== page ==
For several decades, the Walt Disney Co. has produced a multitude of documentaries across countless subjects. For Disney fans, enthusiasts, and aficionados, perhaps none are more compelling than the films focusing on the various aspects of Disney itself — particularly when it comes to the Disney Parks division and the people who work behind the scenes.
Behind every Disney Park is the design and development team at Walt Disney Imagineering, the incubator for all of the fantastic ideas that spring to life in order to constantly surprise guests of all ages. Considered to be a studio, design center, think tank, and innovation laboratory, the division is the subject of The Imagineering Story, a new six-hour miniseries on Disney+.
Ahead of the Nov. 12 launch of Disney’s long-awaited streaming service, two episodes of the series — “The Happiest Place on Earth” and “What Would Walt Do?” — were provided to media as an early look at what’s yet to come.
Quite simply, The Imagineering Story joins The Mandalorian as one of the streamer’s first must-watch series right out of the gate.
From filmmaker Leslie Iwerks (The Pixar Story), daughter of Disney Legend Don Iwerks, The Imagineering Story takes things back to the beginning when WED Enterprises (WED = Walt Elias Disney) laid the groundwork for the development of Disneyland Park, which opened in 1955. The company evolved into Retlaw Enterprises (Retlaw = Walter backward) before ultimately being renamed Walt Disney Imagineering in 1986.
Named for Walt’s own nickname for Disneyland Park, “The Happiest Place on Earth” explores the development of an attraction that was erroneously reported by the press to have been a failure — with 10,000 guests — on its opening day. Mirroring the recent opening of Star Wars: Galaxy’s Edge, many potential visitors simply stayed away to avoid the opening day crowds.
“What Would Walt Do?” explores the era that followed Disney’s death, and how Imagineering continues on as if Walt is still around — constantly pushing the envelope to develop new technologies that tackle any challenge presented. During Disney’s era, he challenged his Imagineers to create, which led to innovations including “Circle-Vision 360°,” developed by Don Iwerks and his father, Ub Iwerks, co-creator of Mickey Mouse and Oswald the Lucky Rabbit.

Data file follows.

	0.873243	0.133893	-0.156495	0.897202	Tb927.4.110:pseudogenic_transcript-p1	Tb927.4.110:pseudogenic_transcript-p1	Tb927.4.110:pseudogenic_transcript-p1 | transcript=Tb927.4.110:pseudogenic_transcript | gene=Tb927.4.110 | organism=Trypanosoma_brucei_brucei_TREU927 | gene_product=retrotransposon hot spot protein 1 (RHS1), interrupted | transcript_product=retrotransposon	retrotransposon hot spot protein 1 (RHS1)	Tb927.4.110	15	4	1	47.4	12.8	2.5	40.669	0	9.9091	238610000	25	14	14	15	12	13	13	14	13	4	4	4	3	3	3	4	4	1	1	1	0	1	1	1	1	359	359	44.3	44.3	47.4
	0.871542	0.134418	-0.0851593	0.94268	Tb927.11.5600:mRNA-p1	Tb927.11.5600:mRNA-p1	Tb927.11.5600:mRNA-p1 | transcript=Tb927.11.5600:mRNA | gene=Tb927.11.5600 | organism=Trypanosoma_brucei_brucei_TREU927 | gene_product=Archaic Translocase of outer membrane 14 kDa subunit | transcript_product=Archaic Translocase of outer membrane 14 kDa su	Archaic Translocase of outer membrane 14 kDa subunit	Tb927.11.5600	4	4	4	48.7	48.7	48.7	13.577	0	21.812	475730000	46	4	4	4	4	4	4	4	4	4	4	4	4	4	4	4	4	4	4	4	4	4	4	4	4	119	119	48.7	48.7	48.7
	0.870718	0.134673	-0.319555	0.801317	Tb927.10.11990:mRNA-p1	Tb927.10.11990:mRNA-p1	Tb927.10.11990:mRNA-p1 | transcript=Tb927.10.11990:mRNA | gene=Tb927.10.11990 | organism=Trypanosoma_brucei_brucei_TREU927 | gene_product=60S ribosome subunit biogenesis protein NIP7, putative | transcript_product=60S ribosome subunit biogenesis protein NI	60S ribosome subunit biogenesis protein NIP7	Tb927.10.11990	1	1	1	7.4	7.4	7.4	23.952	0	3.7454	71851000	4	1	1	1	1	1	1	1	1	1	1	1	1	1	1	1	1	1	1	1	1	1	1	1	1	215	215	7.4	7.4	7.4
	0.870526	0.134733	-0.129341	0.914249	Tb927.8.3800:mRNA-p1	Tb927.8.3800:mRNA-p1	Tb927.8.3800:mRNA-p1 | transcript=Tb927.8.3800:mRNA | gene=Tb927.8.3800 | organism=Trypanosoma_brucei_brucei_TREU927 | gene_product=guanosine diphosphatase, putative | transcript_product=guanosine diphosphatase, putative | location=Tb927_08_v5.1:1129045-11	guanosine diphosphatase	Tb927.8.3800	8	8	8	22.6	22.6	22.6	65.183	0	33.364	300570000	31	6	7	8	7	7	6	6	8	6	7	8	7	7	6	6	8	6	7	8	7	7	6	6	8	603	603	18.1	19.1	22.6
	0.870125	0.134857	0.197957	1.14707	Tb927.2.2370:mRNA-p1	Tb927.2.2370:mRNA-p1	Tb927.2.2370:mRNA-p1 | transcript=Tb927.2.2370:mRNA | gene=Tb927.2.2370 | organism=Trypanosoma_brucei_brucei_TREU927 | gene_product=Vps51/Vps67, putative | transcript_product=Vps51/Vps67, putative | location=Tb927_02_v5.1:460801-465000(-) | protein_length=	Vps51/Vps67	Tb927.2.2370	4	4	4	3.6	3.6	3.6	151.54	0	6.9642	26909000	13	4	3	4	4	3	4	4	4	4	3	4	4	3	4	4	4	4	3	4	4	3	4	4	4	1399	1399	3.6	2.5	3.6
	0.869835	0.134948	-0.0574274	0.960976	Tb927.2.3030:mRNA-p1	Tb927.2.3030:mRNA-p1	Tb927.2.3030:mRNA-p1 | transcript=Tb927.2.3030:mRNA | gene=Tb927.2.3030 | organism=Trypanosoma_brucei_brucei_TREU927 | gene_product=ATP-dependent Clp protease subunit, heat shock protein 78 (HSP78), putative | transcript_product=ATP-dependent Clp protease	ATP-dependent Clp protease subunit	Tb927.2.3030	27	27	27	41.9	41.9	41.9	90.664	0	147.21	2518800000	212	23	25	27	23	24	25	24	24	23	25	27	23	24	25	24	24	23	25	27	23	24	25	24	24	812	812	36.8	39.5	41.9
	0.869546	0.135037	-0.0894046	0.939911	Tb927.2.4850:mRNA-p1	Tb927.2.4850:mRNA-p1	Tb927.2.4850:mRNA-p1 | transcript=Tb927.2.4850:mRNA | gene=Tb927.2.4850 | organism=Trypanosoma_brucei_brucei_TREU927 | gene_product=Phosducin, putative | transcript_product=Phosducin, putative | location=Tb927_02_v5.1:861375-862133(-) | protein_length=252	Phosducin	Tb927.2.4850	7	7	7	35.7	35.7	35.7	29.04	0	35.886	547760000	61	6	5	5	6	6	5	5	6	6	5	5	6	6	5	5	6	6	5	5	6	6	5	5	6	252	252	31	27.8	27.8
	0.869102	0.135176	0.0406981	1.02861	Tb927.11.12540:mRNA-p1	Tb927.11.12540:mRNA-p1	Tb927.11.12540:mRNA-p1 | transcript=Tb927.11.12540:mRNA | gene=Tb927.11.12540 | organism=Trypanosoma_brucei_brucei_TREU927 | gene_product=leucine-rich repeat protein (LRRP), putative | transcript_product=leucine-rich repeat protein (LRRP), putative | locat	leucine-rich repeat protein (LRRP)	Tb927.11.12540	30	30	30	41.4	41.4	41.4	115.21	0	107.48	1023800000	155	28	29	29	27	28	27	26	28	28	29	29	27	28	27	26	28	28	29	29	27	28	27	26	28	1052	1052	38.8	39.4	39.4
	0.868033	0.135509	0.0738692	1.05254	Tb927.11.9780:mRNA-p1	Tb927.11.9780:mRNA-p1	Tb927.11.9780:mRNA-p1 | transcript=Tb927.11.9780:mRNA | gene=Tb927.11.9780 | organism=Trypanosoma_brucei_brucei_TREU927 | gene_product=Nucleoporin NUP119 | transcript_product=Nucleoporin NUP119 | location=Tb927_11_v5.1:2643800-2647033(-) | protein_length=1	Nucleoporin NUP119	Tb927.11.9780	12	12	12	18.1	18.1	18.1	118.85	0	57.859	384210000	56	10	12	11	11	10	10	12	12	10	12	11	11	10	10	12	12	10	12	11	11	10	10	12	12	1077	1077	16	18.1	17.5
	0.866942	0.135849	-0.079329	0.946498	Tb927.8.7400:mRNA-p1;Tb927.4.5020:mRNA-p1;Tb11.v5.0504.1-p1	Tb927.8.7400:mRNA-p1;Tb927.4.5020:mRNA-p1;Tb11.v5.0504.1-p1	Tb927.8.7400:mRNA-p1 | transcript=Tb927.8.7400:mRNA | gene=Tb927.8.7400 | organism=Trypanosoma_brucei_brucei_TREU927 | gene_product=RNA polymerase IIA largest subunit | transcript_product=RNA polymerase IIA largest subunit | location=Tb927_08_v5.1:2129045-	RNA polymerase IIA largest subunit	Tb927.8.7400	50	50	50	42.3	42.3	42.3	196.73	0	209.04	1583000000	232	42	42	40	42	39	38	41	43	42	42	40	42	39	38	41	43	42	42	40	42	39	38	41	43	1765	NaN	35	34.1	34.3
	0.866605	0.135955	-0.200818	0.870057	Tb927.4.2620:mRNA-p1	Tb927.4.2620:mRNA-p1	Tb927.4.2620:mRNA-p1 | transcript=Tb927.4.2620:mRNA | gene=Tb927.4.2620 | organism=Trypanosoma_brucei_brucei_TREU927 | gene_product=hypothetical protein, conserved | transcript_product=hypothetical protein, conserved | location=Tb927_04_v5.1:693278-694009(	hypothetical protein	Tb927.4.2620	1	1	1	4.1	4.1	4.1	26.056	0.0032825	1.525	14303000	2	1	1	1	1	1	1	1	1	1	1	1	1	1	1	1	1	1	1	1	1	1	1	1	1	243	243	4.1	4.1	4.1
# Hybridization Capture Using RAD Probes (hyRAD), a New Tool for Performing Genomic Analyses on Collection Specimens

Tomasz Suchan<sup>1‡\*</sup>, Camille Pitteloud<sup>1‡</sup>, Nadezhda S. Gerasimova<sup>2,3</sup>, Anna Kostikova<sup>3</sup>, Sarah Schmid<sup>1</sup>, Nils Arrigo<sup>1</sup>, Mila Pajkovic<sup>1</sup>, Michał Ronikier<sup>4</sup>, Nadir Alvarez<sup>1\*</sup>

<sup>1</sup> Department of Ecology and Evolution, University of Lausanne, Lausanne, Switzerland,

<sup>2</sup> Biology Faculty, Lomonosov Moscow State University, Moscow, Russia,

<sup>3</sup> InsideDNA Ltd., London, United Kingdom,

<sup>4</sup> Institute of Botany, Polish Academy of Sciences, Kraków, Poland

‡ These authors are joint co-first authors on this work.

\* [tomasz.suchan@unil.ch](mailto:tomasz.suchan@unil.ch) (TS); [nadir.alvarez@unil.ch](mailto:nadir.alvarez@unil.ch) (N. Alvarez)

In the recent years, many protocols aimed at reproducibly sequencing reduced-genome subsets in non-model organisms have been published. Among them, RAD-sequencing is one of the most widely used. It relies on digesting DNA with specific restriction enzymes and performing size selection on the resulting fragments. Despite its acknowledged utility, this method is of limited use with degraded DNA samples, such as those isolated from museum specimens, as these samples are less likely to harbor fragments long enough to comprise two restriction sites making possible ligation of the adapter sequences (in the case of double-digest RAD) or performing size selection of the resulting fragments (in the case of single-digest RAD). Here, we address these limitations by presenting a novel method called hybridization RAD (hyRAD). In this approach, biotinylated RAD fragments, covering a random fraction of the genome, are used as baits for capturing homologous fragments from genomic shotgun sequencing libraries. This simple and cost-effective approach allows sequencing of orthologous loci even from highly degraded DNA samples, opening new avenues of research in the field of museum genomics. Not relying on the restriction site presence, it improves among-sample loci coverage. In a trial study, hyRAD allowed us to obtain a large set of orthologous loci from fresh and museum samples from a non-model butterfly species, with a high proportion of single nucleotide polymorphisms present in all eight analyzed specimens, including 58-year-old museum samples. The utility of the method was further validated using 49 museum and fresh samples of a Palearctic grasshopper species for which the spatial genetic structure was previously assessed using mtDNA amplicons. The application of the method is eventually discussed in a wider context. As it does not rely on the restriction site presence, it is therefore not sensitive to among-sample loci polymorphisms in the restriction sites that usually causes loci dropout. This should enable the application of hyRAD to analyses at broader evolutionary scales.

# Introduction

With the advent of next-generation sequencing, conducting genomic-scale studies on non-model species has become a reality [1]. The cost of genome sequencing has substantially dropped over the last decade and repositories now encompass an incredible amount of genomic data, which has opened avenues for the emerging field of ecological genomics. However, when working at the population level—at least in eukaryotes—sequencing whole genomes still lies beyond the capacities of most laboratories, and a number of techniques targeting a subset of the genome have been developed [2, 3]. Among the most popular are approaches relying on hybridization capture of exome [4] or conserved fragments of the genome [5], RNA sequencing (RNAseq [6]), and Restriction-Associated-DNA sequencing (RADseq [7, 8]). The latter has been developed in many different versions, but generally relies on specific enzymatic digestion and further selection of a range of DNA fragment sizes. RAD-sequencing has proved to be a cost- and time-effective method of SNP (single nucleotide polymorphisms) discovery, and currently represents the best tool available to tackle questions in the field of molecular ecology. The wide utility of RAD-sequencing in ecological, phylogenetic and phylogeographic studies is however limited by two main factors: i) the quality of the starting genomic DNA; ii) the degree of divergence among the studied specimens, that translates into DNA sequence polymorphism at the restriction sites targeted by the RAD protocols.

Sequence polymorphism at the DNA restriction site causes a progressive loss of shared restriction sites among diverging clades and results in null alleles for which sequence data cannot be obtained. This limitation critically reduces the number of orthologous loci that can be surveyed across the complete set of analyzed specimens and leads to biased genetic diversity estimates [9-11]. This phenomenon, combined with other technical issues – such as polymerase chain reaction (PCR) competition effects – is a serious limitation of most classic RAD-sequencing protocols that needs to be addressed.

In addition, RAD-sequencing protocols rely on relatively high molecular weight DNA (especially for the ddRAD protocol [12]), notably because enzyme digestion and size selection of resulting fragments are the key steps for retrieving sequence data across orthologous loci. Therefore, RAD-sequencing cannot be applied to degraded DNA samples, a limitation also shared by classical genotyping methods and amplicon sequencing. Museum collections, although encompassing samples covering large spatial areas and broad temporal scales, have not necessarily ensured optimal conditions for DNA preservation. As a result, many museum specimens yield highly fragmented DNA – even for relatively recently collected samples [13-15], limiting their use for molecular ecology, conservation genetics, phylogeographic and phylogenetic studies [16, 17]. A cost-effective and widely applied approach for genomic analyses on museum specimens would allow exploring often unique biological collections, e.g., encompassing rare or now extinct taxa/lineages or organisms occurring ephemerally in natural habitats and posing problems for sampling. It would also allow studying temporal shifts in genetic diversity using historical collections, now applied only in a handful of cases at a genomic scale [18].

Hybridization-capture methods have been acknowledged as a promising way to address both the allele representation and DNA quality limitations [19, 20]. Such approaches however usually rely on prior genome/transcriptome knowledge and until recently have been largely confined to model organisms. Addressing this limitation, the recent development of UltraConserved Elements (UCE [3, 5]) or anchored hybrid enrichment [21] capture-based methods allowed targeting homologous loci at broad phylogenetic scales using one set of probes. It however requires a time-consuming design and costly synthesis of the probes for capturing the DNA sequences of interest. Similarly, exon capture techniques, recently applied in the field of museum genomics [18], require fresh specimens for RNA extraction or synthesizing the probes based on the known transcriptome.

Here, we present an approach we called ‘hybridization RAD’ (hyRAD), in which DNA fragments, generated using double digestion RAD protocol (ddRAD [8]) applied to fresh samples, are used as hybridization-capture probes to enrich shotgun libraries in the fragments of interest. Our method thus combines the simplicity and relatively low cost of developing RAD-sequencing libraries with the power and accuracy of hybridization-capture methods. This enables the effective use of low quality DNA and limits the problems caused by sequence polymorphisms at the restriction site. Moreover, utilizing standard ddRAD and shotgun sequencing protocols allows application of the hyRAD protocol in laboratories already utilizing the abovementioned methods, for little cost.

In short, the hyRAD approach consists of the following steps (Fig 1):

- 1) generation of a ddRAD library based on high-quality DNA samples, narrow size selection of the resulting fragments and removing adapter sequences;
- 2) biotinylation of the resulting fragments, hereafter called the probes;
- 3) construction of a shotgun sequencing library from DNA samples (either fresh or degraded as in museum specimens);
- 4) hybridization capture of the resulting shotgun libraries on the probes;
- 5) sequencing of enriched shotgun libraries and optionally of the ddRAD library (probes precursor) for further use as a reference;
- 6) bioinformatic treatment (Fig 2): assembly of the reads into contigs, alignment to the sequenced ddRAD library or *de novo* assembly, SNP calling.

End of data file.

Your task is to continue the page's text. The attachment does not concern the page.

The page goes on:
In just the first two episodes, viewers see the genesis of Disney Parks staples, such as the animatronic depictions of real people, including Abraham Lincoln (who Disney cites as an influential figure that he became enamored with while growing up in Illinois), and the creation of iconic attractions, such as Autopia, It’s a Small World, Space Mountain, and the Haunted Mansion. Additionally, we’re granted a look inside the completion of Walt Disney World Resort, and the construction of Epcot Center, inspired by one of Walt’s last big ideas: the Experimental Prototype Community of Tomorrow.
Narrated by Black Panther‘s Angela Bassett, the first two episodes rekindle a lot of the wonder that I recall from viewing the Sunday night anthology series that’s now known as The Wonderful World of Disney on ABC. Many of the archival clips that were shown to audiences in the ’70s and ’80s already felt “vintage,” but seeing similar footage here feels entirely fresh. As the doors to Imagineering open, we learn the purpose of things that many Parks guests have always known to be there. It’s a compelling history lesson.
Since Disney+ is going in a non-binge direction, the third installment of The Imagineering Story will debut on Nov. 22. That said, if the remaining episodes play as well as the first two, The Imagineering Story will make for a tasty six-hour binge.